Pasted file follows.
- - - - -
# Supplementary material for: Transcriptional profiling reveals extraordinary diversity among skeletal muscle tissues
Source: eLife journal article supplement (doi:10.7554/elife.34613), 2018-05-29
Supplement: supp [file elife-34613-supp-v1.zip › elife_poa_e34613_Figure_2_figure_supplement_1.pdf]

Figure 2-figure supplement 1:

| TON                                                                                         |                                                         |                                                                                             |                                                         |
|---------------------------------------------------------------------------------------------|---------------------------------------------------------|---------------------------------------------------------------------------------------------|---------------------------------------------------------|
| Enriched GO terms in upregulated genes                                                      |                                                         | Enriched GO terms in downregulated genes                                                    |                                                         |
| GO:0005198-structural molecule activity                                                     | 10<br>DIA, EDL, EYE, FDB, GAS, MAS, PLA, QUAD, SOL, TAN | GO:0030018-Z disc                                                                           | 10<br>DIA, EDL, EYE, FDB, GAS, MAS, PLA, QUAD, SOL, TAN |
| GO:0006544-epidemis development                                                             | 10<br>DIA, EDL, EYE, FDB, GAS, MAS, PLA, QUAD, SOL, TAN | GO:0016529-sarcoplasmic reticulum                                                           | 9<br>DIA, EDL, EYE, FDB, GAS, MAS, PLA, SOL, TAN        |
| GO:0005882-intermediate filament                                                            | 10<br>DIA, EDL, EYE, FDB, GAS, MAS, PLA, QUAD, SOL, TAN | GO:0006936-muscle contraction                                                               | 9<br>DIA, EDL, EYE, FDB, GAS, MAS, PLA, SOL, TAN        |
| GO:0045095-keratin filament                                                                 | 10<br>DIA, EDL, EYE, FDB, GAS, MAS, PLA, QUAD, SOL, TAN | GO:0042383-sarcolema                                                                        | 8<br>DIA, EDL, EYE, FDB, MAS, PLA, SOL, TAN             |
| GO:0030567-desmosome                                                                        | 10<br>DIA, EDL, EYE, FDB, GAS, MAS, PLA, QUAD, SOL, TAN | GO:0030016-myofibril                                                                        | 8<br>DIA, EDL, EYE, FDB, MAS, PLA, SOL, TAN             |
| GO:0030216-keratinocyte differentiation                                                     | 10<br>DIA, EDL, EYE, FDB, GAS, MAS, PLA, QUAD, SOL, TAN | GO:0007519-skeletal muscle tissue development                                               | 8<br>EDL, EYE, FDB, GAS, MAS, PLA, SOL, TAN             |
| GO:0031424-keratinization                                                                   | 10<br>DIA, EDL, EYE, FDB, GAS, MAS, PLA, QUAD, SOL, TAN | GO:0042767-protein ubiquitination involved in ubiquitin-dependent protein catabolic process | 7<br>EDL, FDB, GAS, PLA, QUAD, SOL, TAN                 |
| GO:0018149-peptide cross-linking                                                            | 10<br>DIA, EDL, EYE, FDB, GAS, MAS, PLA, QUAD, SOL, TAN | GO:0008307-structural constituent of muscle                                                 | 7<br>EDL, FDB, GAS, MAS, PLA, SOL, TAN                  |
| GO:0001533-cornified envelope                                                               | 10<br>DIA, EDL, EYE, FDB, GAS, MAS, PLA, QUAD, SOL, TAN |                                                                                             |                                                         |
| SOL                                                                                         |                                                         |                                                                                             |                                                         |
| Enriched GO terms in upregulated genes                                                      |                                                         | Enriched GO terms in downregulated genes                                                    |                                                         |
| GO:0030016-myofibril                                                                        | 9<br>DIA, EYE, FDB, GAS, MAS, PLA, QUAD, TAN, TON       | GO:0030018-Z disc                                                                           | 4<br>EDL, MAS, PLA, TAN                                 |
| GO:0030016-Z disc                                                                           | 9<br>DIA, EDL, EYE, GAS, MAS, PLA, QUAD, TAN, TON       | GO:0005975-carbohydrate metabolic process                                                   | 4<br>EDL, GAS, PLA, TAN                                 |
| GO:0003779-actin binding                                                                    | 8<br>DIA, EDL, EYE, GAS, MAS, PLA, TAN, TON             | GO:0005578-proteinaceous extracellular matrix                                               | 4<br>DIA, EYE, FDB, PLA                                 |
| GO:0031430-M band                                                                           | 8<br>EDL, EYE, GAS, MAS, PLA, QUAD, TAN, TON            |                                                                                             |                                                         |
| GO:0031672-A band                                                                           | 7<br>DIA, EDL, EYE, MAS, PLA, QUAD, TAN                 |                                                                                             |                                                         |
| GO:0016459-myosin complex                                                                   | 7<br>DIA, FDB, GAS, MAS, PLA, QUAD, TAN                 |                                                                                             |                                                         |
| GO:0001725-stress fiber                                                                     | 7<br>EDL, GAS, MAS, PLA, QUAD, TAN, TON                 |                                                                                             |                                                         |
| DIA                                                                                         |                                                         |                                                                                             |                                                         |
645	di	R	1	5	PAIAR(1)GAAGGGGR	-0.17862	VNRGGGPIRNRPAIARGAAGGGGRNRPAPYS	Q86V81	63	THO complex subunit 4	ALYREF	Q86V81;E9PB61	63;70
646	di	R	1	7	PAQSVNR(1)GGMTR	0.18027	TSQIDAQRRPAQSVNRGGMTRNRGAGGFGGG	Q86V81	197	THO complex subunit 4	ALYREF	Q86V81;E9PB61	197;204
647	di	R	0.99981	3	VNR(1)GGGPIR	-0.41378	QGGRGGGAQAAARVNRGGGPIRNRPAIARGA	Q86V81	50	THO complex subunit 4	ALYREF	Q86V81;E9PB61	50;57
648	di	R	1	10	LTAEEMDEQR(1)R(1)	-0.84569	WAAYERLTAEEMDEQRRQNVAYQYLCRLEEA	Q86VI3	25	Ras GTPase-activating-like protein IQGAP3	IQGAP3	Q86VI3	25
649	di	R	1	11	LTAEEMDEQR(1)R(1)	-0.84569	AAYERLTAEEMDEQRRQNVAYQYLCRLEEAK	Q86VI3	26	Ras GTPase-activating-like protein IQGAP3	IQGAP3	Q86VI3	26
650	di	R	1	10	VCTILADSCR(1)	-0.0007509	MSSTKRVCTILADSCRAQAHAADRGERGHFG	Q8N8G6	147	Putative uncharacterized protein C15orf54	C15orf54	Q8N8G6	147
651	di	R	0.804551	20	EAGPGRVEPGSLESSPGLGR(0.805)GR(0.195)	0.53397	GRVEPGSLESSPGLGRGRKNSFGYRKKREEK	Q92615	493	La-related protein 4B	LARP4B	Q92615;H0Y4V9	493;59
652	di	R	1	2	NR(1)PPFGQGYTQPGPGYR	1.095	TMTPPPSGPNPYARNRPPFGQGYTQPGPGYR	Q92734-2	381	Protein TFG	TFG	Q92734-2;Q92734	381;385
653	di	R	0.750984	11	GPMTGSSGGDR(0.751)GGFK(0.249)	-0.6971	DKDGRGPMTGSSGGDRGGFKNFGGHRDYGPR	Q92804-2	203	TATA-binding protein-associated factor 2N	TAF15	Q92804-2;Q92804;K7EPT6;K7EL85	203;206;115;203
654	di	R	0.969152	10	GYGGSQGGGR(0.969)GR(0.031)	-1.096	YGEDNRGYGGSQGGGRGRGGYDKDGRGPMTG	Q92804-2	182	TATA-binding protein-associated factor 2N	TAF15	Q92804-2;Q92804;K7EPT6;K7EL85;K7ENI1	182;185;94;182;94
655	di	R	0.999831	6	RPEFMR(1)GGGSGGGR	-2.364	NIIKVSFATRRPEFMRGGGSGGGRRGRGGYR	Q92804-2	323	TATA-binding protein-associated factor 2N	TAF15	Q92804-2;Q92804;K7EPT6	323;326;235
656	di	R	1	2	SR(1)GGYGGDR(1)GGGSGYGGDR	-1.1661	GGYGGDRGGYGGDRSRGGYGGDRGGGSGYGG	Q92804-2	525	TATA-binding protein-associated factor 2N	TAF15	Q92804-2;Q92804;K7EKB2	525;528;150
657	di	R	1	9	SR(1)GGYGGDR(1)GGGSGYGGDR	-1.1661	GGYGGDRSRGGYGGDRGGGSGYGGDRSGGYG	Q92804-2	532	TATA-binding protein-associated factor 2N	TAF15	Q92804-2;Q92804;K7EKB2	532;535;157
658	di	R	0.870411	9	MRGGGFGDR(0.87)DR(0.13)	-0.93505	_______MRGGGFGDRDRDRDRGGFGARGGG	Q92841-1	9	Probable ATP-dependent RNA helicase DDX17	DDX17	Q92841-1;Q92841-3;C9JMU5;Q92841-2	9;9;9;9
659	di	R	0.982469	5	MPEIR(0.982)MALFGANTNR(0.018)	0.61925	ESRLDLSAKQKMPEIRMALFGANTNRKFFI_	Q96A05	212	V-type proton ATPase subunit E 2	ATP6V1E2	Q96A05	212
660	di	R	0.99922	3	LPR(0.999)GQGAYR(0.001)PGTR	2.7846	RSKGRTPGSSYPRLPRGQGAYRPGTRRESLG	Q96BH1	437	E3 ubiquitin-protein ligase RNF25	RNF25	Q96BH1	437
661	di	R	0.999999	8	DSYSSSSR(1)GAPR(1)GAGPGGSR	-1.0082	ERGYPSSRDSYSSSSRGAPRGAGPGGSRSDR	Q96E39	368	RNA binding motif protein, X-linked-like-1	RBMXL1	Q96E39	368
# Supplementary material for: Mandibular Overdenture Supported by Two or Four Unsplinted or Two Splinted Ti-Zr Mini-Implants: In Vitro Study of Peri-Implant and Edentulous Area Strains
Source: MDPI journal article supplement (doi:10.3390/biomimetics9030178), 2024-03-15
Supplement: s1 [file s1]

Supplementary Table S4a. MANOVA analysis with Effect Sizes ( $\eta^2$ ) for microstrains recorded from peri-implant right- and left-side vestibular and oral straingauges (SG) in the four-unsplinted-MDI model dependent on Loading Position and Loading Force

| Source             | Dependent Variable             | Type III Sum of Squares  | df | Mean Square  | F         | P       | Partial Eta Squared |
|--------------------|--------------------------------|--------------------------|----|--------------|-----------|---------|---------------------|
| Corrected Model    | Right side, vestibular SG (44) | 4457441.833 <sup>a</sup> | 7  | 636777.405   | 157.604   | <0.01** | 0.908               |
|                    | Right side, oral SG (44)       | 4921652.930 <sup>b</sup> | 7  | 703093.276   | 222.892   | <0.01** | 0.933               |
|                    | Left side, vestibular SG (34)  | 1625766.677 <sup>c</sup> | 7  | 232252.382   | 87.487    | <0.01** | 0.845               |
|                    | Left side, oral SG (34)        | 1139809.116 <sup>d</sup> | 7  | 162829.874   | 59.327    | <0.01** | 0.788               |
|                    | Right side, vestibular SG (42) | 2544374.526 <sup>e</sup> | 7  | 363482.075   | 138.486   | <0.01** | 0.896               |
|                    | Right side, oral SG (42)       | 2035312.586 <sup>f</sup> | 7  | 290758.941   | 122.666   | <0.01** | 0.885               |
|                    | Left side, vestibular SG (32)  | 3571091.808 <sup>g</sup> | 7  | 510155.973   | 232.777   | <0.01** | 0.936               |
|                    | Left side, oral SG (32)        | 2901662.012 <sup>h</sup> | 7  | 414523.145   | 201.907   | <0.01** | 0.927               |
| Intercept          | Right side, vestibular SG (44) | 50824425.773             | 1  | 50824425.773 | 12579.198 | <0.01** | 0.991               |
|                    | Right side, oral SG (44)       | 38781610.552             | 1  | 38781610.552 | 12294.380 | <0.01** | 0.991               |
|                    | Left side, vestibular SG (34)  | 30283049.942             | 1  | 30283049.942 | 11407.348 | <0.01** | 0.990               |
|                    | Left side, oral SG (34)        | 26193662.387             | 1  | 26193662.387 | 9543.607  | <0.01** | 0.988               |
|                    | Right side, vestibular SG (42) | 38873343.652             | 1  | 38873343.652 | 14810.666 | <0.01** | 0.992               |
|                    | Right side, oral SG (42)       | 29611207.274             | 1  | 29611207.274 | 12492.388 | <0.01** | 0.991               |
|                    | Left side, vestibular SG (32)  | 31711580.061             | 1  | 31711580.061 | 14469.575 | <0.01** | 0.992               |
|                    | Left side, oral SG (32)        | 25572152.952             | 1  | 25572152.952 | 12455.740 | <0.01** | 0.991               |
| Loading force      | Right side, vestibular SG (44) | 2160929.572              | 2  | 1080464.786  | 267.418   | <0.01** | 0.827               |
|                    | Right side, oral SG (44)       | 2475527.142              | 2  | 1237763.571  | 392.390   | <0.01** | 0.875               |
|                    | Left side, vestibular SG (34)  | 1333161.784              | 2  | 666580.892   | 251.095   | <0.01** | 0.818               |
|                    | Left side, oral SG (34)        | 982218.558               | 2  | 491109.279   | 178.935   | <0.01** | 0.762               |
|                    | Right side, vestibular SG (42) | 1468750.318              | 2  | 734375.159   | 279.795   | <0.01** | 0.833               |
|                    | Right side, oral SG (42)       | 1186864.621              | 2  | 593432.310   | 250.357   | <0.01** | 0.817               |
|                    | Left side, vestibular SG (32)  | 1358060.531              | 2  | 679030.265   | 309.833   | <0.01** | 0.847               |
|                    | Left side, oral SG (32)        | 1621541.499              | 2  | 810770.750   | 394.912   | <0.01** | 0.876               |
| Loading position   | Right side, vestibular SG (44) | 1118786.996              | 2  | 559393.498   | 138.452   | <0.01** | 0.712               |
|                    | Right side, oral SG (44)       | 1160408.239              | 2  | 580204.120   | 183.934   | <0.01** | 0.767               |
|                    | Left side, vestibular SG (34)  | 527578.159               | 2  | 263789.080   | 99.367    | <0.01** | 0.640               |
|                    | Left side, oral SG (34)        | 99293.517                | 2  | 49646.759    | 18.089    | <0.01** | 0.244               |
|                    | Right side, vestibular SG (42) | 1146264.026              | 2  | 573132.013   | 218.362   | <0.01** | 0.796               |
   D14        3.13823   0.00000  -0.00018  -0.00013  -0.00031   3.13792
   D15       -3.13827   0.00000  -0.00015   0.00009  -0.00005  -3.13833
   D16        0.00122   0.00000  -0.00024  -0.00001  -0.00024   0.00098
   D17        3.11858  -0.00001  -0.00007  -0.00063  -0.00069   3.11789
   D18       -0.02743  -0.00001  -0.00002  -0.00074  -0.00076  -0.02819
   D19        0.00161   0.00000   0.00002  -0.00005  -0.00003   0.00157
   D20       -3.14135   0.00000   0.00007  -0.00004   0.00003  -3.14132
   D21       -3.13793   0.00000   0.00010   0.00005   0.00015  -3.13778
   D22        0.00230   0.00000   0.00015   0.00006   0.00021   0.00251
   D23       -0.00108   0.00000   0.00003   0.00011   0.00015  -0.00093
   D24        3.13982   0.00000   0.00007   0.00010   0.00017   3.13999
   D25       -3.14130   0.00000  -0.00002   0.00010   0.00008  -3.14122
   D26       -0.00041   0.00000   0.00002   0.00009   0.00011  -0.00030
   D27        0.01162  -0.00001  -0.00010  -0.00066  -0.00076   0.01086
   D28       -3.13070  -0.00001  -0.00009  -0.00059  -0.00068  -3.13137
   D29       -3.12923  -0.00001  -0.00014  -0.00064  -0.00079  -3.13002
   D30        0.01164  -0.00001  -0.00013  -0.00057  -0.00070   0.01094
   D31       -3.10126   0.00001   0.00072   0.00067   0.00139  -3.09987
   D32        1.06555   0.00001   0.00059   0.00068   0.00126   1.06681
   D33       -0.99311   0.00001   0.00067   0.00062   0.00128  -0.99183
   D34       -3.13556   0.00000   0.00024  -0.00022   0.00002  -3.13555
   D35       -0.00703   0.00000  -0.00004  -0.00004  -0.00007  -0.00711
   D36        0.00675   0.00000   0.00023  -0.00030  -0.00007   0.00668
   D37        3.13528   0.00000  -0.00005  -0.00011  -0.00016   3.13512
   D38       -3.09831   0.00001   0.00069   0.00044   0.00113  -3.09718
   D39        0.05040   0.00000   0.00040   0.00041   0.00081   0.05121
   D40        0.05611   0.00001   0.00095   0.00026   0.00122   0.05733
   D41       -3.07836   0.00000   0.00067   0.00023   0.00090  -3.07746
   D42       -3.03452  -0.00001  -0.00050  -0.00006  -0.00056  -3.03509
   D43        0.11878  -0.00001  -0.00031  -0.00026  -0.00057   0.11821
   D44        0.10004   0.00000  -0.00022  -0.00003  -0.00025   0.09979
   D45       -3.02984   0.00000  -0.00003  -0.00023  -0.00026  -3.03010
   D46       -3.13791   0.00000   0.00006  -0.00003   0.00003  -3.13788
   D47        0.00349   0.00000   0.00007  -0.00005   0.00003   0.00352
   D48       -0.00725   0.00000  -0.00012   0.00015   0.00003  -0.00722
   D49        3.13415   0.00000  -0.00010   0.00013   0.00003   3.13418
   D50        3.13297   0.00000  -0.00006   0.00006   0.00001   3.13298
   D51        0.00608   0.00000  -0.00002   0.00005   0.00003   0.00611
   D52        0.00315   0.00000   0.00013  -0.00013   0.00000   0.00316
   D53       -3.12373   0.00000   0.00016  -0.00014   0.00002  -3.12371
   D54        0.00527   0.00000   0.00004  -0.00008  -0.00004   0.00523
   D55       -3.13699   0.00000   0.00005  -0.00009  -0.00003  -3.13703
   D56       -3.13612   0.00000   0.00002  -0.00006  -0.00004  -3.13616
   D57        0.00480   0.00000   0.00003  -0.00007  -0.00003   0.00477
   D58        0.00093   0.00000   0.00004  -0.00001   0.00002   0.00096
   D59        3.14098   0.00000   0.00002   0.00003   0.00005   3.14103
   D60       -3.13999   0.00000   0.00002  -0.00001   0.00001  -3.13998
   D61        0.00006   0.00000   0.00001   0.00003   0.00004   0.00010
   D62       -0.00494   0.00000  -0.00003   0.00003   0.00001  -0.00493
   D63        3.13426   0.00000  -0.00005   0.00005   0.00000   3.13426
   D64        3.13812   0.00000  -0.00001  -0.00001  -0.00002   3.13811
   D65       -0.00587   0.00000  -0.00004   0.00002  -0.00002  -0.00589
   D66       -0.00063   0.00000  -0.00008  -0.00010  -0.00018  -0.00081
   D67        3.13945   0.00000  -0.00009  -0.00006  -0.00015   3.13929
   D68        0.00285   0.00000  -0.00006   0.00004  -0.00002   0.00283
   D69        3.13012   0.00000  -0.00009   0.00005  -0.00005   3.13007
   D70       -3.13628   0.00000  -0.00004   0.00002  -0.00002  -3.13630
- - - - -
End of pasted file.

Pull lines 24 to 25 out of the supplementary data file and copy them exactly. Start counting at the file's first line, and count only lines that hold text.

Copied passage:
| GO:0016459-myosin complex                                                                   | 7<br>DIA, FDB, GAS, MAS, PLA, QUAD, TAN                 |                                                                                             |                                                         |
| GO:0001725-stress fiber                                                                     | 7<br>EDL, GAS, MAS, PLA, QUAD, TAN, TON                 |                                                                                             |                                                         |